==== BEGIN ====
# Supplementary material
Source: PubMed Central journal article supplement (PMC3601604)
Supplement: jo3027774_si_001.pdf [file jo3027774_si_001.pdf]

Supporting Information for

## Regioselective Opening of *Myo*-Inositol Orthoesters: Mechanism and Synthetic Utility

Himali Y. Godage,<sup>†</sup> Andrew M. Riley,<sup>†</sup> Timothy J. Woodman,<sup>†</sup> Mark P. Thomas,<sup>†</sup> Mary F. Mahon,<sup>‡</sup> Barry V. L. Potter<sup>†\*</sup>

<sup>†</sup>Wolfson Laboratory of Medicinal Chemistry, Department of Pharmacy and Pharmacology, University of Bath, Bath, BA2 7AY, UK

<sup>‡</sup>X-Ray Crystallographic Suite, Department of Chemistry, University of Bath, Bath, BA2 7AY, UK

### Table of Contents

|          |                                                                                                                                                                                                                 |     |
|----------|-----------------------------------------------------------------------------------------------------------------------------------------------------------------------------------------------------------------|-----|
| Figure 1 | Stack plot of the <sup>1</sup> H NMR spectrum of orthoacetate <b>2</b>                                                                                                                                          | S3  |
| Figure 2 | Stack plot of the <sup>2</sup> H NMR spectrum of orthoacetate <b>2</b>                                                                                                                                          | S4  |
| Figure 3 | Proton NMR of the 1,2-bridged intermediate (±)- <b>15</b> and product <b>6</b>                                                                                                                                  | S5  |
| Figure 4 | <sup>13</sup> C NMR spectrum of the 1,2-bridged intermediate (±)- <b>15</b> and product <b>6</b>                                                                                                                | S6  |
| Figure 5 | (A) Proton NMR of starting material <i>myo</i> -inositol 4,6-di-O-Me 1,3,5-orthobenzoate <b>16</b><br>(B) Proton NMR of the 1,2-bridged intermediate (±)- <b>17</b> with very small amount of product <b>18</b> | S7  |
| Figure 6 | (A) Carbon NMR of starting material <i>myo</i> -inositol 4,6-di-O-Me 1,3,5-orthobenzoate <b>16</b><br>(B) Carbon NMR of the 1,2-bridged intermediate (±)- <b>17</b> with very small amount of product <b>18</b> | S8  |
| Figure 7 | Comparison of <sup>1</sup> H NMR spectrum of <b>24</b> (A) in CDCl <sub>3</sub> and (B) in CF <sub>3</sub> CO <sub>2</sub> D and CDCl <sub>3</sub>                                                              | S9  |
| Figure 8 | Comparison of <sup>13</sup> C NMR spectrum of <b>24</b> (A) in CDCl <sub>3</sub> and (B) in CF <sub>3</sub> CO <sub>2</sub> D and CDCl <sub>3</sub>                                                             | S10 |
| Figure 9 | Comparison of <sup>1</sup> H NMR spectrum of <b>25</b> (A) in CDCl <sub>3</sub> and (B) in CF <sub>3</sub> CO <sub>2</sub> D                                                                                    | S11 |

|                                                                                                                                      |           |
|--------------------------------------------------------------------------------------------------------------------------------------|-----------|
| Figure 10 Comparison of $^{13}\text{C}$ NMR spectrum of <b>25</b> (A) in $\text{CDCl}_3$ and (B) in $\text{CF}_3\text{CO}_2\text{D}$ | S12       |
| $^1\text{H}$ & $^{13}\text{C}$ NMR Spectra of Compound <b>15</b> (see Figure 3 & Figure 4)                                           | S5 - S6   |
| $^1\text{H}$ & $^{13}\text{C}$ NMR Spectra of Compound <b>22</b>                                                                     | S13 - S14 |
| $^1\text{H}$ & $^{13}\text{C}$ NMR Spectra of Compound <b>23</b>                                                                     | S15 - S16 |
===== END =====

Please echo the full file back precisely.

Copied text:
# Supplementary material
Source: PubMed Central journal article supplement (PMC3601604)
Supplement: jo3027774_si_001.pdf [file jo3027774_si_001.pdf]

Supporting Information for

## Regioselective Opening of *Myo*-Inositol Orthoesters: Mechanism and Synthetic Utility

Himali Y. Godage,<sup>†</sup> Andrew M. Riley,<sup>†</sup> Timothy J. Woodman,<sup>†</sup> Mark P. Thomas,<sup>†</sup> Mary F. Mahon,<sup>‡</sup> Barry V. L. Potter<sup>†\*</sup>

<sup>†</sup>Wolfson Laboratory of Medicinal Chemistry, Department of Pharmacy and Pharmacology, University of Bath, Bath, BA2 7AY, UK

<sup>‡</sup>X-Ray Crystallographic Suite, Department of Chemistry, University of Bath, Bath, BA2 7AY, UK

### Table of Contents

|          |                                                                                                                                                                                                                 |     |
|----------|-----------------------------------------------------------------------------------------------------------------------------------------------------------------------------------------------------------------|-----|
| Figure 1 | Stack plot of the <sup>1</sup> H NMR spectrum of orthoacetate <b>2</b>                                                                                                                                          | S3  |
| Figure 2 | Stack plot of the <sup>2</sup> H NMR spectrum of orthoacetate <b>2</b>                                                                                                                                          | S4  |
| Figure 3 | Proton NMR of the 1,2-bridged intermediate (±)- <b>15</b> and product <b>6</b>                                                                                                                                  | S5  |
| Figure 4 | <sup>13</sup> C NMR spectrum of the 1,2-bridged intermediate (±)- <b>15</b> and product <b>6</b>                                                                                                                | S6  |
| Figure 5 | (A) Proton NMR of starting material <i>myo</i> -inositol 4,6-di-O-Me 1,3,5-orthobenzoate <b>16</b><br>(B) Proton NMR of the 1,2-bridged intermediate (±)- <b>17</b> with very small amount of product <b>18</b> | S7  |
| Figure 6 | (A) Carbon NMR of starting material <i>myo</i> -inositol 4,6-di-O-Me 1,3,5-orthobenzoate <b>16</b><br>(B) Carbon NMR of the 1,2-bridged intermediate (±)- <b>17</b> with very small amount of product <b>18</b> | S8  |
| Figure 7 | Comparison of <sup>1</sup> H NMR spectrum of <b>24</b> (A) in CDCl <sub>3</sub> and (B) in CF <sub>3</sub> CO <sub>2</sub> D and CDCl <sub>3</sub>                                                              | S9  |
| Figure 8 | Comparison of <sup>13</sup> C NMR spectrum of <b>24</b> (A) in CDCl <sub>3</sub> and (B) in CF <sub>3</sub> CO <sub>2</sub> D and CDCl <sub>3</sub>                                                             | S10 |
| Figure 9 | Comparison of <sup>1</sup> H NMR spectrum of <b>25</b> (A) in CDCl <sub>3</sub> and (B) in CF <sub>3</sub> CO <sub>2</sub> D                                                                                    | S11 |

|                                                                                                                                      |           |
|--------------------------------------------------------------------------------------------------------------------------------------|-----------|
| Figure 10 Comparison of $^{13}\text{C}$ NMR spectrum of <b>25</b> (A) in $\text{CDCl}_3$ and (B) in $\text{CF}_3\text{CO}_2\text{D}$ | S12       |
| $^1\text{H}$ & $^{13}\text{C}$ NMR Spectra of Compound <b>15</b> (see Figure 3 & Figure 4)                                           | S5 - S6   |
| $^1\text{H}$ & $^{13}\text{C}$ NMR Spectra of Compound <b>22</b>                                                                     | S13 - S14 |
| $^1\text{H}$ & $^{13}\text{C}$ NMR Spectra of Compound <b>23</b>                                                                     | S15 - S16 |